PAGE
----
Oil up on Mexico port closures



Oil rose on Monday, nearing $91 a barrel, with prices supported by the closure of Mexico's oil export terminals due to bad weather, as well as OPEC's dismissal of calls to raise output.

US light crude for February delivery rose 36 cents to $90.93 a barrel in Globex electronic trading by 12.43pm GMT. Oil snapped a three-day losing streak and closed 44 cents higher at $90.57 a barrel on Friday, thanks to short-covering ahead of the Martin Luther King holiday in the United States.

Mexico closed all its main oil exporting ports on Sunday due to bad weather, the transport ministry said on its Web site. The Gulf of Mexico ports ship around 80 per cent of Mexico's daily oil exports.

Mexico, the world's number nine exporter of crude oil and a top-three supplier to the US, has seen its exports repeatedly disrupted in recent months by rough weather that has halted shipments for days at a time.

OPEC's cool reaction to US calls for it to raise output also helped keep prices firm above the $90 mark.

"The shutdown of Mexico's oil ports is pushing up prices a little... I think there is also growing sentiment that OPEC will leave its production unchanged at its next meeting," said Rowan Menzies, head of research at Commodity Warrants Australia.

The Organisation of Petroleum Exporting Countries (OPEC) on Sunday said the global market was well supplied and the cartel has little control over oil prices near $90 a barrel.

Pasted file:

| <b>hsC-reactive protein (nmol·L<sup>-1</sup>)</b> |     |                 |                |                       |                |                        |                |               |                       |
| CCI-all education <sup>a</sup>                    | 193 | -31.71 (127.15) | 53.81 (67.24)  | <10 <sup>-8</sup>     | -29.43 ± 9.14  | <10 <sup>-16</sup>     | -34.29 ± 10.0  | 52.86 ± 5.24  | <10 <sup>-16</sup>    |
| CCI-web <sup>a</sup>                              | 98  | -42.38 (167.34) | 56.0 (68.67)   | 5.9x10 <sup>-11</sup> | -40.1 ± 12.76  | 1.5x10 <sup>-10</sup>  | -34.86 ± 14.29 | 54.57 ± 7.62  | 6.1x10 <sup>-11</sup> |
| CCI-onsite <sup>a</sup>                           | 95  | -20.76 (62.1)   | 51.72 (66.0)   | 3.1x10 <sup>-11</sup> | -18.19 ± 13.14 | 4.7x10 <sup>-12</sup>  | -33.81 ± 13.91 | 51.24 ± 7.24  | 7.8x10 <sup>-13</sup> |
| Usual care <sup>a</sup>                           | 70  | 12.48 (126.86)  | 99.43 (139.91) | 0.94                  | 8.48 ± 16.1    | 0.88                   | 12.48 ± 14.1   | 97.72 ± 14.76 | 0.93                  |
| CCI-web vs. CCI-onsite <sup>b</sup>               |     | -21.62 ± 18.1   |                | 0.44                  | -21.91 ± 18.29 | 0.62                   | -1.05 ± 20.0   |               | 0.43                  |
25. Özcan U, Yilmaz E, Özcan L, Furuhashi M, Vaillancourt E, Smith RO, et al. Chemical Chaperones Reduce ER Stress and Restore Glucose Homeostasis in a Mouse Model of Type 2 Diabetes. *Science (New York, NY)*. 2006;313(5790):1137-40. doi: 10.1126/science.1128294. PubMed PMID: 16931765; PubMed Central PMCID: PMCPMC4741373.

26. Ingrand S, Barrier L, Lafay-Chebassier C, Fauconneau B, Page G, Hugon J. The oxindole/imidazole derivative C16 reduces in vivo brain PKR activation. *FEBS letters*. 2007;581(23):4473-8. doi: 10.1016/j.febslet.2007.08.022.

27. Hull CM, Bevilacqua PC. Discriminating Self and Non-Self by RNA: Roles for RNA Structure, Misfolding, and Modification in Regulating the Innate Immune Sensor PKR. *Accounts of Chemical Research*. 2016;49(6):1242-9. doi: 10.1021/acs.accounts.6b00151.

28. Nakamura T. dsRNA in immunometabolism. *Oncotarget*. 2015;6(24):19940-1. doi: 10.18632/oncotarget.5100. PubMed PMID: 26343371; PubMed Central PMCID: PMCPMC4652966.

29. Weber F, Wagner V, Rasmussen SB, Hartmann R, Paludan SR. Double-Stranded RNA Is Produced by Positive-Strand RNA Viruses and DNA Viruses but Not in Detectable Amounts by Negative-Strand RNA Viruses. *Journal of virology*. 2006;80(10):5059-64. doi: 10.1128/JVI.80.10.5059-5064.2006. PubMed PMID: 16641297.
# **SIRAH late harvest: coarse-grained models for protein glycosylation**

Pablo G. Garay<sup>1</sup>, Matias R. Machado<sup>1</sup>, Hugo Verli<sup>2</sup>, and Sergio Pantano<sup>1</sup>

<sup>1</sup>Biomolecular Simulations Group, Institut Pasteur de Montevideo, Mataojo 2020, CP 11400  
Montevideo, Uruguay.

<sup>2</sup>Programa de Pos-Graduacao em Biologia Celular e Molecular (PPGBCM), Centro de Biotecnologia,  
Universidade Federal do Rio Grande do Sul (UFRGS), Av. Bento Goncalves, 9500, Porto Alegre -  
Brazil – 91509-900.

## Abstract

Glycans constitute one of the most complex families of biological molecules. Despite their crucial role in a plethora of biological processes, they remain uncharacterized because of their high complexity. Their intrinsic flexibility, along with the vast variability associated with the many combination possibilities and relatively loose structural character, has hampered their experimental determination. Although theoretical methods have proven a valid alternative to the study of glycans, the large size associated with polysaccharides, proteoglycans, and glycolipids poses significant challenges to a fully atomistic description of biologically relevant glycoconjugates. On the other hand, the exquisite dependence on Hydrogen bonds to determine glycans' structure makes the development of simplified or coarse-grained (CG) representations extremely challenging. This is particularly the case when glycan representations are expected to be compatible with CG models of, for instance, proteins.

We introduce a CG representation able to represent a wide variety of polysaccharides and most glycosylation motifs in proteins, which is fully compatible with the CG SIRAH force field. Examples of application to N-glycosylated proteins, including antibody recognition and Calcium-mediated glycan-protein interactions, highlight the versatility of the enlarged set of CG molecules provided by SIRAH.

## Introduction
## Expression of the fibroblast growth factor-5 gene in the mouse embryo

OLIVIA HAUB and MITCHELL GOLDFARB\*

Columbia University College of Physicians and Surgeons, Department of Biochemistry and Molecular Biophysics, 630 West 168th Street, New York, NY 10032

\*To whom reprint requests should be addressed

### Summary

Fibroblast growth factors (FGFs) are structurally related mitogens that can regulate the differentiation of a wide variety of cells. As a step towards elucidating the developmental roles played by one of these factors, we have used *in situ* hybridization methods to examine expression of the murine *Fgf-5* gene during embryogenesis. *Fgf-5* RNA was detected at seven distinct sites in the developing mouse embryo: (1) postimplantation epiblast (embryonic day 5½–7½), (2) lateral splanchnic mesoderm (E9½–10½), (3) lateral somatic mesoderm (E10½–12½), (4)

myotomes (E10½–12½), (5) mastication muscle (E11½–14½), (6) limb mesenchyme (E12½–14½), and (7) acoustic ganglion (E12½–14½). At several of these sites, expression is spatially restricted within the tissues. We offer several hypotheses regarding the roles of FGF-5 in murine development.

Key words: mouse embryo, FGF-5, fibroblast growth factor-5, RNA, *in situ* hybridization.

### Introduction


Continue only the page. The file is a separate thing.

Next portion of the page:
"I don't think there is a need to increase because the market is well supplied," Oil Minister Abdullah Al Attiyah told reporters on the sidelines of a conference in Abu Dhabi on Sunday.

US President George W Bush and Energy Secretary Sam Bodman have urged top exporter Saudi Arabia and OPEC to raise supply on two separate visits to the Kingdom last week.

The production group will meet on February 1 to discuss output. Several OPEC members have said there was no reason to raise output if oil inventories recover in the second quarter as winter ends and if the US slips into a recession.

Ongoing geopolitical tensions between Iran and the US over Tehran's nuclear programme also supported oil prices. Iran received a fourth delivery of nuclear fuel from Russia on Sunday to power Tehran's first atomic power plant and it expects four more before the consignment is complete.

NYMEX floor trading and other US financial markets are closed on Monday to mark the Martin Luther King holiday. But energy futures will continue to trade on the Globex electronic and NYMEX ClearPort platforms on normal schedule.

Mounting US economic problems, including high energy costs, have prompted analysts to cut forecasts for oil demand growth and helped cut crude prices by 10 per cent from the record $100.09 on January 3.

Amid recession fears, analysts said investors will look out for corporate earnings and prospects for help from central banks as guidance this week. (Reuters)

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